Single Supply

Discussion in 'Electronics Resources' started by shredability, Feb 27, 2014.

  1. shredability

    Thread Starter Member

    Apr 1, 2012
    31
    0
    I'm designing something with split supply opamps and I only have a single supply power supply. I know about single supply opamps.

    I found this:
    [​IMG]

    Which makes sense, the opamp holds it output at BATT/2 because of the voltage divider seen at the non-inverting input. But I'm thinking the max current the can be sourced/sunk from the GND node is a function of the opamp. (typically in the mA range)

    So I did this up:
    [​IMG]

    It's based off an on brushed motor driver circuit. I would just like some opinions on if this will fix my current problem.

    Cheers

    -Walker
     
  2. crutschow

    Expert

    Mar 14, 2008
    13,056
    3,245
    Yes, the transistor will increase the amount of unbalanced ground current you can have. But note that the transistors have to dissipate the power from this unbalanced current which equals the current times 1/2 the supply voltage. So you may have to heat sink the transistors depending upon the amount of imbalance.
     
  3. t06afre

    AAC Fanatic!

    May 11, 2009
    5,939
    1,222
    You know you can connect two single supply units in order to get a dual supply power. The solution you have suggest. Is in general something I not would recommend at all. As the solution is like asking for problems in most cases. In the picture I have shown how to do it with two 9 volt batteries. But the method is general
    [​IMG]
     
    KLillie likes this.
  4. crutschow

    Expert

    Mar 14, 2008
    13,056
    3,245
    Why do you say that? The pseudo-ground circuit is commonly used when a split supply is desired but only a single supply is available (as the op stated).
     
  5. ScottWang

    Moderator

    Aug 23, 2012
    4,855
    767
    If you using the second circuit should be very careful, when the R1,R2 lost the balance then the transistor could be burn out.
     
  6. crutschow

    Expert

    Mar 14, 2008
    13,056
    3,245
    What do you mean "lose the balance"? How can that occur? :confused:
     
  7. bertus

    Administrator

    Apr 5, 2008
    15,649
    2,348
  8. ScottWang

    Moderator

    Aug 23, 2012
    4,855
    767
    Such as:
    Resistor made with wrong color, any reason cause any one of them shorted, 741 damaged, R1≠R2, etc...

    The output of this circuit is one kind of balance of terror, because the Totem Pole output was designed to get the max amplitude, it will make Vce as shorted circuit when it was a amplifier, so on the innate, they was a high switch or low switch, but if want to be a power, whatever the switch function of Q3 or Q2 must be inhibited, and if any one loss the function then the transistor could damaged, it depends on how to choose the Vceo and Ic of bjt.

    The circuit for amplifier has a load is speaker, but this circuit there is no load, some circuit as this one will in series two resistors with E to protecting the bjts, if using 10 Ω then it will limiting the current to flows to the bjt about 1.2 Amax, when any one of bjt was on(sat) then another one will be off, the Vce will be about 24V, so the Vceo better has 40V or more.
     
  9. crutschow

    Expert

    Mar 14, 2008
    13,056
    3,245
    Of course if you have a bad or shorted component a circuit will fail. That's true for any circuit, not just this one.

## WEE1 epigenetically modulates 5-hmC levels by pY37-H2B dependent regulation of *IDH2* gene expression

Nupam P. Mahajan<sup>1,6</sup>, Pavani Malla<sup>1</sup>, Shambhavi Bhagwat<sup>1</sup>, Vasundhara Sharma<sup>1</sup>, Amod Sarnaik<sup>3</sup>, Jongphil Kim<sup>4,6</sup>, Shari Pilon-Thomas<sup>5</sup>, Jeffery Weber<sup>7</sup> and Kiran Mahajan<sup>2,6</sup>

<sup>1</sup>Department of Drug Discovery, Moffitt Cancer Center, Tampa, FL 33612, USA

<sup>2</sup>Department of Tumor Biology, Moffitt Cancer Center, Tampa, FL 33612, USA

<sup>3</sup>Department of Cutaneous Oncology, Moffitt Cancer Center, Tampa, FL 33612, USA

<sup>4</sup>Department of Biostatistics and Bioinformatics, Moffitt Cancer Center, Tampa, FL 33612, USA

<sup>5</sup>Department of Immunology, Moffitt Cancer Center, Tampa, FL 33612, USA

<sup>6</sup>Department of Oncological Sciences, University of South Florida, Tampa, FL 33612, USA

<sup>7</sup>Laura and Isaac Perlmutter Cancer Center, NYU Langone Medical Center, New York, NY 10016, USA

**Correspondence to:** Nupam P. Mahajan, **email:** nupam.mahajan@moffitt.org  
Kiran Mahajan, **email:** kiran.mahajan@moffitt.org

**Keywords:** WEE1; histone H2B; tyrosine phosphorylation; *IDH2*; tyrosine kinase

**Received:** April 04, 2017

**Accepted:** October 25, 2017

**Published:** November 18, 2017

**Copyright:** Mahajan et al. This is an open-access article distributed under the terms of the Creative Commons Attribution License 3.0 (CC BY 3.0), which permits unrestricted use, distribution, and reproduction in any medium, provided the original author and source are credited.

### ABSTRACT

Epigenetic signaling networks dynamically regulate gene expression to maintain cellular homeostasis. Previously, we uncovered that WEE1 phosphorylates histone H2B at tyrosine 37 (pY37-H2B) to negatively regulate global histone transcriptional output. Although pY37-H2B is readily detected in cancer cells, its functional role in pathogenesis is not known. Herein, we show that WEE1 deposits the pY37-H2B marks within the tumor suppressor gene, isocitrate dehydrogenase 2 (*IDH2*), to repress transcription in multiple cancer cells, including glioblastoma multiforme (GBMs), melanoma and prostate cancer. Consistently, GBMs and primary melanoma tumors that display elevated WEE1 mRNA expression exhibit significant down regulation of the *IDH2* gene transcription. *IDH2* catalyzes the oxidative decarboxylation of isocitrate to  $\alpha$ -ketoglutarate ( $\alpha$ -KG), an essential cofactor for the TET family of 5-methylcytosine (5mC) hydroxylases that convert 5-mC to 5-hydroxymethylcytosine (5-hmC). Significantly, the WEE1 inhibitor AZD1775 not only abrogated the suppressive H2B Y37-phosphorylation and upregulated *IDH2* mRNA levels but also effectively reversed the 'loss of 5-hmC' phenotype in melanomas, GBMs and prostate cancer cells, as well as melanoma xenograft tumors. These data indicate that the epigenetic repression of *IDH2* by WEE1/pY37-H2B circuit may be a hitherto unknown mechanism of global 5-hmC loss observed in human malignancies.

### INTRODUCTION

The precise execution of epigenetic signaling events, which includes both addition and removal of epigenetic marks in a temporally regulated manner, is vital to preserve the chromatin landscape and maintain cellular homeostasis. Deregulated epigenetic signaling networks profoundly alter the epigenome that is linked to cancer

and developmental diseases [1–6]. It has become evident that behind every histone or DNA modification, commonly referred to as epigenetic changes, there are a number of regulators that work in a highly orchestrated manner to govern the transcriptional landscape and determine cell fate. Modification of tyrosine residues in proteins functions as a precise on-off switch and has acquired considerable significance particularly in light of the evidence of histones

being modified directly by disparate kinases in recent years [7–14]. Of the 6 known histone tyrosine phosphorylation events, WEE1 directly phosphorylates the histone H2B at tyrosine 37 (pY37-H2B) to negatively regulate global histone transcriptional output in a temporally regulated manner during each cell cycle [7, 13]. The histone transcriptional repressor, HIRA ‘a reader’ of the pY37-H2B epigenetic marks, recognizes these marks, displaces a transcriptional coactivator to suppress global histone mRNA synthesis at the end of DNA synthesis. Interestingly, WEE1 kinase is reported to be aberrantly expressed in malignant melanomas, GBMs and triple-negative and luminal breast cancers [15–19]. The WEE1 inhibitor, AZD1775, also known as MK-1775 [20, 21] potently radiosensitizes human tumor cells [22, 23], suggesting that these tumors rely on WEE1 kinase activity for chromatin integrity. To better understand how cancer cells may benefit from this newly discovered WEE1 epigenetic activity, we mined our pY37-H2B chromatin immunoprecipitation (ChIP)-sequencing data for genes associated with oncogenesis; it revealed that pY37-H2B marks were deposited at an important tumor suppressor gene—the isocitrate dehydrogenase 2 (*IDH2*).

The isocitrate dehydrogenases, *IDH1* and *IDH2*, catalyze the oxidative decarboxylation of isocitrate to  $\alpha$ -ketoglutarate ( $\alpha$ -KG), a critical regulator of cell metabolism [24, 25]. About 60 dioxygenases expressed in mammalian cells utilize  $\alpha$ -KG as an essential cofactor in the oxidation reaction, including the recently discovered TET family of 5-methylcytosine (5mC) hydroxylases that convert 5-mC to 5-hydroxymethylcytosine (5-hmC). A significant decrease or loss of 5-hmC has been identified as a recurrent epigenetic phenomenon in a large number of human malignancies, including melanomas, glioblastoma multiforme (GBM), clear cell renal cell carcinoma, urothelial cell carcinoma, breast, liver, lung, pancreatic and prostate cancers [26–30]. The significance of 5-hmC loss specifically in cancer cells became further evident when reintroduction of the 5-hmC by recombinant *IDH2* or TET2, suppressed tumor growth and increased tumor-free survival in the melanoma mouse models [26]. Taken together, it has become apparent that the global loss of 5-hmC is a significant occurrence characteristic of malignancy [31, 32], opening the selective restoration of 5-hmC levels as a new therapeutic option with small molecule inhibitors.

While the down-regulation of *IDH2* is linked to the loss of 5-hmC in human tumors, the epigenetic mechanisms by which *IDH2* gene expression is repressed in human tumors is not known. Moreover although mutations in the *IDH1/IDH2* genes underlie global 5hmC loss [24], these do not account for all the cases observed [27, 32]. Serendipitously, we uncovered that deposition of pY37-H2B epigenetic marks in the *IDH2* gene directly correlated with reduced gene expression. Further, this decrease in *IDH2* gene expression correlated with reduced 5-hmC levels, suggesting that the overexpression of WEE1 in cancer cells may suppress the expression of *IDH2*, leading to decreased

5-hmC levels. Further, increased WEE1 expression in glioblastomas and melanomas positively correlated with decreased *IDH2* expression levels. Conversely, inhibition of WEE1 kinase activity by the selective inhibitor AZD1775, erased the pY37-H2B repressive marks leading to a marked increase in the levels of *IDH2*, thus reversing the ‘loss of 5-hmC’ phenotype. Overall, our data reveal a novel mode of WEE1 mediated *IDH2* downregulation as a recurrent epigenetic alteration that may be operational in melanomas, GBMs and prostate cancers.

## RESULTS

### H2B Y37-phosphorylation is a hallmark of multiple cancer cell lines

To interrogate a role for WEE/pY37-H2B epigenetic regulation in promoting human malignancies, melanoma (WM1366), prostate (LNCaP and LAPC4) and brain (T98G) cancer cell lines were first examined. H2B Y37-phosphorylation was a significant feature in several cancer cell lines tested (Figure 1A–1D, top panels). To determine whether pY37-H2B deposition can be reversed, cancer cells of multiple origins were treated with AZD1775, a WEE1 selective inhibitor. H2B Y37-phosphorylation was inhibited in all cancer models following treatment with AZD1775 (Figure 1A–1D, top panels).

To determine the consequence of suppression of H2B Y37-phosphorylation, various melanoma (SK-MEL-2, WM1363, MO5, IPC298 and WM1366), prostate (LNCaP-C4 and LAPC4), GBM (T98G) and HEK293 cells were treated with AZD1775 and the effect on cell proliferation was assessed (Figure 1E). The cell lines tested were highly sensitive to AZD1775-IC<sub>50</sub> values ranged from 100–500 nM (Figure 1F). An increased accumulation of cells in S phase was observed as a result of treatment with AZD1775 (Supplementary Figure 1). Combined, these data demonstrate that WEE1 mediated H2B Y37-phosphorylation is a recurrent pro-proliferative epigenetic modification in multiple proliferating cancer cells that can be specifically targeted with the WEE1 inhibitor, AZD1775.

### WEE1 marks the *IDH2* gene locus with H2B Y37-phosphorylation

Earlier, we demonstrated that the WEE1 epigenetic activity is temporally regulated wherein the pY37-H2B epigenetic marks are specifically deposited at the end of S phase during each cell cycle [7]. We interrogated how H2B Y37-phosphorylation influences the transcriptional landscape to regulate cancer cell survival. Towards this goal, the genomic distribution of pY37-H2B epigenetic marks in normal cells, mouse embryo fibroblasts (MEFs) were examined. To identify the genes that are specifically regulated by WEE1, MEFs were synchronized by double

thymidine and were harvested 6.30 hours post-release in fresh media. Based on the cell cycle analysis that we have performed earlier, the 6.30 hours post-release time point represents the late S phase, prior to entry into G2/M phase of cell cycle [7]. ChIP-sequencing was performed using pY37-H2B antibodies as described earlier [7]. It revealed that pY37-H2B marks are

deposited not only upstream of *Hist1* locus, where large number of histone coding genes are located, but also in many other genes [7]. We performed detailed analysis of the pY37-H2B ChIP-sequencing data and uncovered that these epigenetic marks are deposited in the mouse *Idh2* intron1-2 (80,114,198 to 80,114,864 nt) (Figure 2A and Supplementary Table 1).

I don't understand your ramblings about the "balance of terror". This is a simple circuit with the NPN carrying current if the minus side of the load is drawing more current then the plus side, and the PNP carrying current for the opposite condition. It's a perfectly straight forward circuit. This circuit has little to do with one used for audio output.
     
  10. shredability

    Thread Starter Member

    Apr 1, 2012
    31
    0
    That's a very good point! sometimes I forget to analyse my circuits from a power point of view!
     
  11. shredability

    Thread Starter Member

    Apr 1, 2012
    31
    0
    Yeah I know
     
  12. shredability

    Thread Starter Member

    Apr 1, 2012
    31
    0
    This seems to be what I have, it just uses a power opamp and a whack more components to make the system more robust, deal w/ noise etc... But I didn't even think to use a power opamp!!

    Thanks!
     
  13. ErnieM

    AAC Fanatic!

    Apr 24, 2011
    7,395
    1,607
    Any discussion of a virtual ground absolutely requires a priori knowledge of what exactly is being grounded.

    Until that initial question is asked no comment nor solution may be offered.
     
  14. shredability

    Thread Starter Member

    Apr 1, 2012
    31
    0
    edit: I assume you mean prior. Technically I'm not grounding anything, sorry for poor terminology. This will be a circuit common or "virtual ground"
     
  15. ScottWang

    Moderator

    Aug 23, 2012
    4,855
    767
    If any reason cause R1 shorted or make P.3(+) close +24V, Q3 will be On and the Vce will be about 0.9V, and the Vce of Q2 has 24V-0.9V = 23.1V, that's why I mentioned have to choose the Vceo and Ic of bjt, otherwise the Q2 could be damaged, the same reason as R2, if any reason cause R2 shorted or make P.2(-) close GND, Q2 will be On and if E of Q2 has voltage that it will be about 0.9V, and the Vce of Q3 has 24V-0.9V = 23.1V, that's why I mentioned have to choose the Vceo and Ic of bjt, otherwise the Q3 could be damaged.

    So the P.3(+) should be keeping at a virtual zero voltage, when it lost the balance, something bad could be happen as the above described, I already met some netizen used that circuit to do the virtual ground and almost damaged the transistors, when the input power as 36V or 48V then the TIP41C and TIP42C should be change to some other better transistors, many users don't know how to make a choice for the Q2, Q3, so it may easy to burn out the bjts.
     
Loading...